If you’re planning your first visit to Barcelona, you’ve most likely booked a visit to Antoni Gaudi’s La Sagrada Familia and Park Güel. (If you haven’t, stop immediately and reserve your tickets online ahead of time. Thank me later). You’ll most likely plan to see the city’s picturesque Cathedral, visit the Picasso museum, drink some sangria, stroll down Las Ramblas, and fill your belly with as many tapas as humanly possible. You’ll see the sights but what about understanding Barcelona and its culture as the locals do? You’ve come to the right spot.
Many come to Barcelona expecting to practice their secondary school Spanish but are instead confused to find a language resembling a strange Latin-y mixture of Spanish, French, and something else entirely scrawled onto signs, street names, menus, and spoken by locals. Barcelona lies at the heart of Catalonia, one of the country’s 17 autonomous regions. In Catalonia, the Catalan language reigns supreme and many Catalonians are fiercely proud of their culture, language, heritage and identity. Catalan flags fly from balconies and rooftops across the city and region, especially as calls for the territory’s independence from the rest of Spain become increasing vociferous. However, rest assured. Although Catalonians are educated solely in Catalan in school, most are seamlessly bilingual.
Eating Like a Local
Tapas are the ubiquitous snack of Spain and have made Spanish cuisine popular around the globe. It is loosely agreed that the word tapa comes from the Spanish word ‘tapar’ or to cover, as a chunk of bread would usually be placed over a drink to keep flies out. From this simple practice some serious culinary creations have evolved.
In Barcelona you will find both tapas and pinchos (also spelt pintxos, pronounced ‘peen-chos’, in Basque). While tapas are usually small sized portions of food or free snacks served with drinks, pintxos are a ‘Basque-ified’ take on the Spanish word ‘pincho’, or pierce, and usually consist of a toothpick-pierced slice of bread holding together whatever tasty nibble is placed on top.
Whether tapa, pintxo, or pincho, while in Barcelona it’s important to get your hands on as many as possible. Highly recommended are grilled octopus (order pulpo a la plancha), omelets (thinly sliced potatoes held together with egg), croquettes (crispy balls of anything with gooey insides), olive and anchovy skewers, pan con tomate, blood sausage (morcilla) and, let’s be real, anything with jamón (cured thinly sliced pork). Note: while it may be tempting to get your hands on some ‘authentic’ paella, be warned. The dish is native to Valencia so unless you’ve done your research on the best spots, ordering it at a restaurant in Barcelona is a sure fire way to stick out as a tourist. A last word of warning: avoid eating along Las Ramblas like the plague- don’t be that tourist!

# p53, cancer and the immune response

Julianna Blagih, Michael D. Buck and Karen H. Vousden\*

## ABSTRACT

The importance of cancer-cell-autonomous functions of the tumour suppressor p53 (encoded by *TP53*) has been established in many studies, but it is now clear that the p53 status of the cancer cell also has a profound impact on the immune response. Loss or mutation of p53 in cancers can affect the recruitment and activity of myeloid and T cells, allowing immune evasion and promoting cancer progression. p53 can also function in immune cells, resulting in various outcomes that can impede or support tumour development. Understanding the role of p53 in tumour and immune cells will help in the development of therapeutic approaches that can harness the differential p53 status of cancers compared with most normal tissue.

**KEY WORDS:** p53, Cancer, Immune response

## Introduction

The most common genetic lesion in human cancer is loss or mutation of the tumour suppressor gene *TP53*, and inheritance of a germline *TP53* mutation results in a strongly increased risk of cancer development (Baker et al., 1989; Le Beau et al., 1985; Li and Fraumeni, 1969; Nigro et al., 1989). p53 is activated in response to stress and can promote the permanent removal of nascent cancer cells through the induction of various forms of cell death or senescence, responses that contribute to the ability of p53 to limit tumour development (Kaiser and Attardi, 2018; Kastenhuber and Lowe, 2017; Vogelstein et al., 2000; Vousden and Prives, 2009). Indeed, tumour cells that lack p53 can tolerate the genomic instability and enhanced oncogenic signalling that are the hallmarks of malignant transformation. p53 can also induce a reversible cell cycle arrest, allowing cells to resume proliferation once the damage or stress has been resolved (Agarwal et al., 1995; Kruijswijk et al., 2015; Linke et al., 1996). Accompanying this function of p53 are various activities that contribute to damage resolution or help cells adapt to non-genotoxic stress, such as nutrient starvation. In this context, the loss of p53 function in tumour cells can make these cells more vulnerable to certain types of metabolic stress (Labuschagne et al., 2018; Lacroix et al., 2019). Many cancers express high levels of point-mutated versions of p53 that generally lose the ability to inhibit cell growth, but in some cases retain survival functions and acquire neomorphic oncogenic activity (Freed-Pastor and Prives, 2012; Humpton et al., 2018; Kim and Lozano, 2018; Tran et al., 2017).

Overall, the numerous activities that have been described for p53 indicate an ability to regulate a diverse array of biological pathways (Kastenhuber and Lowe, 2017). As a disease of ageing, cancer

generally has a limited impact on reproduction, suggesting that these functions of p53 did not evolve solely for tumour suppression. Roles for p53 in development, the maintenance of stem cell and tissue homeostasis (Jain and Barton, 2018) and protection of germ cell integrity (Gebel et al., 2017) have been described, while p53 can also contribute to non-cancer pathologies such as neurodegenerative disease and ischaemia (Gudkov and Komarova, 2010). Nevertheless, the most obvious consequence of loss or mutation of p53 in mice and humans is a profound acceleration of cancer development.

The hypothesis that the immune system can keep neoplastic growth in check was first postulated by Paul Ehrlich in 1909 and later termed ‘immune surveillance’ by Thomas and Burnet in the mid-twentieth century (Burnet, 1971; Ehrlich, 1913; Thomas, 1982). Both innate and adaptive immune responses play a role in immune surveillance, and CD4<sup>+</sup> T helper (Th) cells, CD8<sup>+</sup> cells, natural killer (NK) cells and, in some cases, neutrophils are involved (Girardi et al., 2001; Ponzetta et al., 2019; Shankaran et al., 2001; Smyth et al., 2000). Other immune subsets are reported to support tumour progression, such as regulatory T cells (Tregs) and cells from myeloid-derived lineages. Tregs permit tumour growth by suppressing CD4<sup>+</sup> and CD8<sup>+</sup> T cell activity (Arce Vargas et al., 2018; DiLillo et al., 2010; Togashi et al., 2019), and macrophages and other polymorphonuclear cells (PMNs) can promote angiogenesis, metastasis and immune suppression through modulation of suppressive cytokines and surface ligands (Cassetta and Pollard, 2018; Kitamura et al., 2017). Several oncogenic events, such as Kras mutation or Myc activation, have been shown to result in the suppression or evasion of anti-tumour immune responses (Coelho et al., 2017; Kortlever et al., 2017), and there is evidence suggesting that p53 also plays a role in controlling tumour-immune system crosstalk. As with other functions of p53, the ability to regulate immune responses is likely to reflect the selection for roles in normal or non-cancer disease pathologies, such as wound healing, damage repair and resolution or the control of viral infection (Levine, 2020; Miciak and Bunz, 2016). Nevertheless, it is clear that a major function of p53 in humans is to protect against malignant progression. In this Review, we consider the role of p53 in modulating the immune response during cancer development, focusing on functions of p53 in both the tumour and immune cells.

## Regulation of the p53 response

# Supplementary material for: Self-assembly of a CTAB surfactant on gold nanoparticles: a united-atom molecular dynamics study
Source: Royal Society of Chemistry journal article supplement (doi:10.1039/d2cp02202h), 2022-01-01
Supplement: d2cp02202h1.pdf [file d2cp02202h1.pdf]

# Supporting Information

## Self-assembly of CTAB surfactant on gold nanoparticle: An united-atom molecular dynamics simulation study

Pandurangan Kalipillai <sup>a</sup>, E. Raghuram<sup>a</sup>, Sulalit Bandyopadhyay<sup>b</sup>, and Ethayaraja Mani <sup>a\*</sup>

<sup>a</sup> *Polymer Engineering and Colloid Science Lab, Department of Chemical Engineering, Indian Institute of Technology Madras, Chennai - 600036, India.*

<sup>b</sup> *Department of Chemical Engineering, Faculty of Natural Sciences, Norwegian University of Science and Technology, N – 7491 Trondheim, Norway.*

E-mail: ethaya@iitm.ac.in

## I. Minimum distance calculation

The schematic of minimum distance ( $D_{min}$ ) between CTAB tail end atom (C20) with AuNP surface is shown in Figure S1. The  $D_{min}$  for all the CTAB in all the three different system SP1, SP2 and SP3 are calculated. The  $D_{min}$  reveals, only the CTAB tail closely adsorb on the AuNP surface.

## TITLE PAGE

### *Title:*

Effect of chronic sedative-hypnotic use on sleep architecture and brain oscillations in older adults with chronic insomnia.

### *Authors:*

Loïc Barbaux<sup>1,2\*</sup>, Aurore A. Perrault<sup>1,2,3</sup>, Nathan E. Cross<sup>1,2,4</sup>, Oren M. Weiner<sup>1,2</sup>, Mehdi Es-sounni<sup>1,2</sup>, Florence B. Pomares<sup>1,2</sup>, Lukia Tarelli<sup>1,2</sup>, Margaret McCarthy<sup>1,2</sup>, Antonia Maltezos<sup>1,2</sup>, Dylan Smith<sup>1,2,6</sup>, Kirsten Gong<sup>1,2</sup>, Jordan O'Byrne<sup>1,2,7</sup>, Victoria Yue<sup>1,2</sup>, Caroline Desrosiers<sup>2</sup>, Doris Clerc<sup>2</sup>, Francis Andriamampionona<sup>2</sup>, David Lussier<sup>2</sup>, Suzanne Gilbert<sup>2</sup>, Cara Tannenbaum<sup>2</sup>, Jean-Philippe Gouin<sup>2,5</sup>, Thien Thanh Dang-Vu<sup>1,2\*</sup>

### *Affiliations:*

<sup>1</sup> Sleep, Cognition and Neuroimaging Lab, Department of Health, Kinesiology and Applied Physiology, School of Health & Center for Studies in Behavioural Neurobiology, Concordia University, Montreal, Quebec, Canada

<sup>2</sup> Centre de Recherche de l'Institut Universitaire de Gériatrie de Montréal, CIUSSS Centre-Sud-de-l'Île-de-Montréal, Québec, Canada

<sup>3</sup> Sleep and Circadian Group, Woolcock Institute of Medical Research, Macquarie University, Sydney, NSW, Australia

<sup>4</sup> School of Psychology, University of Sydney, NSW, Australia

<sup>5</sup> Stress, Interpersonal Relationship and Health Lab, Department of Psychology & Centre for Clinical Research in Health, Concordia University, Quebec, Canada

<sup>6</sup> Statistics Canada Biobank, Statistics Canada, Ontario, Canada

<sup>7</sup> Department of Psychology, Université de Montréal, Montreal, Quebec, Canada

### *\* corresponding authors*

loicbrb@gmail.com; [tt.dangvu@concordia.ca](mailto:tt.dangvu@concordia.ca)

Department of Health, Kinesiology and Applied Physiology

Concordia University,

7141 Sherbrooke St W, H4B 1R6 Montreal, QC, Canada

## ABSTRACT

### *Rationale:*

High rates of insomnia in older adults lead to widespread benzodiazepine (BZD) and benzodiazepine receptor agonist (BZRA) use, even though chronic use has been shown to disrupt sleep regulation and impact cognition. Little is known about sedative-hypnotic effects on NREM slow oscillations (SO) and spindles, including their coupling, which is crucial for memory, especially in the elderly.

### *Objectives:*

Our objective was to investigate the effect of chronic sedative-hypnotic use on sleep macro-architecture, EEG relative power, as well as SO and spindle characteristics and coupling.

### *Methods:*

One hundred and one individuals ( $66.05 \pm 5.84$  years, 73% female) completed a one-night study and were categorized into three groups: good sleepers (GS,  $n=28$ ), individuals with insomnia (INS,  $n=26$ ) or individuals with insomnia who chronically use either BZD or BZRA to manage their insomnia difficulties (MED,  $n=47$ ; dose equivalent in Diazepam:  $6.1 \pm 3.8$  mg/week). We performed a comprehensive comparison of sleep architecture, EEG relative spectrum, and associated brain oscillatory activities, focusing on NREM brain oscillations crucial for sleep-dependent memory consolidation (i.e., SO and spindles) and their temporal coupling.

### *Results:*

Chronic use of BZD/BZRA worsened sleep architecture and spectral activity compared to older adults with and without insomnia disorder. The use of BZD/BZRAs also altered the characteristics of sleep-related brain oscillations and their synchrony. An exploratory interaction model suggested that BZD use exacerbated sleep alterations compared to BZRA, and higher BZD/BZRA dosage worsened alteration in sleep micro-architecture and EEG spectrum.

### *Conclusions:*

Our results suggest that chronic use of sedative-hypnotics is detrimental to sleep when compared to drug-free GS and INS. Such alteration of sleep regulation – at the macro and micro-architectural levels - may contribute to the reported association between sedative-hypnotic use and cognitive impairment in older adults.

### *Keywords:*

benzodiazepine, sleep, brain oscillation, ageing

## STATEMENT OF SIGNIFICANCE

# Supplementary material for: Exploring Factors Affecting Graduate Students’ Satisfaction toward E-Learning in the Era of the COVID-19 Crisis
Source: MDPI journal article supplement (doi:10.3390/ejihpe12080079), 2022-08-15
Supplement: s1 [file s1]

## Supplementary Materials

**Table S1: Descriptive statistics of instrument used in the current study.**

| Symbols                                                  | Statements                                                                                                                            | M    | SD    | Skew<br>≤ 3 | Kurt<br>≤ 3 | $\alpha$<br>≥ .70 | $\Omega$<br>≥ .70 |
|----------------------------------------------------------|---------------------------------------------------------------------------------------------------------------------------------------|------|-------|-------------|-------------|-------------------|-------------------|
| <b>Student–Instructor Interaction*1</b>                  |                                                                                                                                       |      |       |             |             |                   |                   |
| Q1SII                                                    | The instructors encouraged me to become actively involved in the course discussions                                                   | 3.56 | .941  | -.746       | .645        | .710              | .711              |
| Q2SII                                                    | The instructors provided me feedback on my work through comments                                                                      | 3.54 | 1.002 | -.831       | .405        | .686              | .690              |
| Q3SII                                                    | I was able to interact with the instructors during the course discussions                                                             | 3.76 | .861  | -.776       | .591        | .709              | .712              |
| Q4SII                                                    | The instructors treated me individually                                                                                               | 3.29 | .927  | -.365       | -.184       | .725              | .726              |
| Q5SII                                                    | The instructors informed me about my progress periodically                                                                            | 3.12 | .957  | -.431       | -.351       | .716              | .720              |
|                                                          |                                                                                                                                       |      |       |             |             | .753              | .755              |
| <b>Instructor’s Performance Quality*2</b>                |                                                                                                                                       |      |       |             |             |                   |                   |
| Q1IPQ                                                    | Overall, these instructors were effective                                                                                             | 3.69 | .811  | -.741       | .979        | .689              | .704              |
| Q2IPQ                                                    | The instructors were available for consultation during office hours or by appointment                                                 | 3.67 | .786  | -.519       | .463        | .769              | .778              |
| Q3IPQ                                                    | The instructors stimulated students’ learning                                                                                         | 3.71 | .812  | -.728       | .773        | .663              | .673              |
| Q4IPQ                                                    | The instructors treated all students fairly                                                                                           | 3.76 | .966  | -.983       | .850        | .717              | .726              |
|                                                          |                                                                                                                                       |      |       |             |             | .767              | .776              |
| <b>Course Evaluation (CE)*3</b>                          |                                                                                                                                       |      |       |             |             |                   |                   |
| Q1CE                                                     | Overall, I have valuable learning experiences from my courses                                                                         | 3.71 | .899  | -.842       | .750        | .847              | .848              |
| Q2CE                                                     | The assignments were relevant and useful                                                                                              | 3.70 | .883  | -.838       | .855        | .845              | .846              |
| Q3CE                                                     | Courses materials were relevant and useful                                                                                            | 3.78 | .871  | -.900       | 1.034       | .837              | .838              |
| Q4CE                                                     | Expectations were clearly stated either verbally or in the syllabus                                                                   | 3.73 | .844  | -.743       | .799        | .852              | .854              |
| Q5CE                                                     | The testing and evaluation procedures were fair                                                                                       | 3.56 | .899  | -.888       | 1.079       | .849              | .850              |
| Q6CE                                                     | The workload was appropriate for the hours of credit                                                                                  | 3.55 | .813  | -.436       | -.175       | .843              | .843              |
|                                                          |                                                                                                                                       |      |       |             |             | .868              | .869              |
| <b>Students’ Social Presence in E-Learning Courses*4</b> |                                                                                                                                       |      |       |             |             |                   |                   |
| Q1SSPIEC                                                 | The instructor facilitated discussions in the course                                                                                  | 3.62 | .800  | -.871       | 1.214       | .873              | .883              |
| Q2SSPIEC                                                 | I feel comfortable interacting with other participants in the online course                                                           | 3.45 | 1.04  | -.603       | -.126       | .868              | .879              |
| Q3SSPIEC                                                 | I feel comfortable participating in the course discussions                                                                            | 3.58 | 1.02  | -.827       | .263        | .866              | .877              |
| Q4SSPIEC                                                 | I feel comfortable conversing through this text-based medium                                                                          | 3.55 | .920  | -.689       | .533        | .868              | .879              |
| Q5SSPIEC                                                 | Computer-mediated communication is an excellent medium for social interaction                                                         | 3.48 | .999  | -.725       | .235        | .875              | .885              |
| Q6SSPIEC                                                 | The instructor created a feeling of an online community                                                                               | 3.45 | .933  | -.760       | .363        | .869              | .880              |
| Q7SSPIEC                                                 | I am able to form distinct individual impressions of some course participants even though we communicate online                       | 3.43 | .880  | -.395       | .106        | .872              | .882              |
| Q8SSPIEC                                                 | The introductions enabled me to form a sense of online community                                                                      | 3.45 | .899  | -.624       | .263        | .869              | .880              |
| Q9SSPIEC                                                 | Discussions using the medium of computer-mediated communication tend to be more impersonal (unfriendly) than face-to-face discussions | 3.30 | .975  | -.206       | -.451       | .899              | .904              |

Speaking of anchovies and blood sausage, plan to come prepared as well as hungry to Barcelona because the city’s food scene is not for the faint of heart. Legs of curing pork (hoofs attached) hang from Barcelona’s markets and eateries, a shocking sight to vegan and vegetarians and a nod to darker times in Spain’s past. The tradition dates back to the Spanish inquisition when the country’s Muslim and Jewish communities were heavily persecuted. Practicing Christians (or terrified Muslims/ Jews) would hang pork products from their homes and establishments to demarcate the space as Christian, warning those who weren’t in the process.
The practice of hanging ham from Spanish ceilings endures to this day, not as a religious warning but because it produces the perfect cured meat. To try it, tuck into one of the city’s tapas joints or pintxo bars along Carrer de Blai where plates of pintxos line the bar’s countertop. To order, serve yourself (or point to what you want if the pintxos are behind glass), paying per toothpick at the meal’s end for what you have consumed.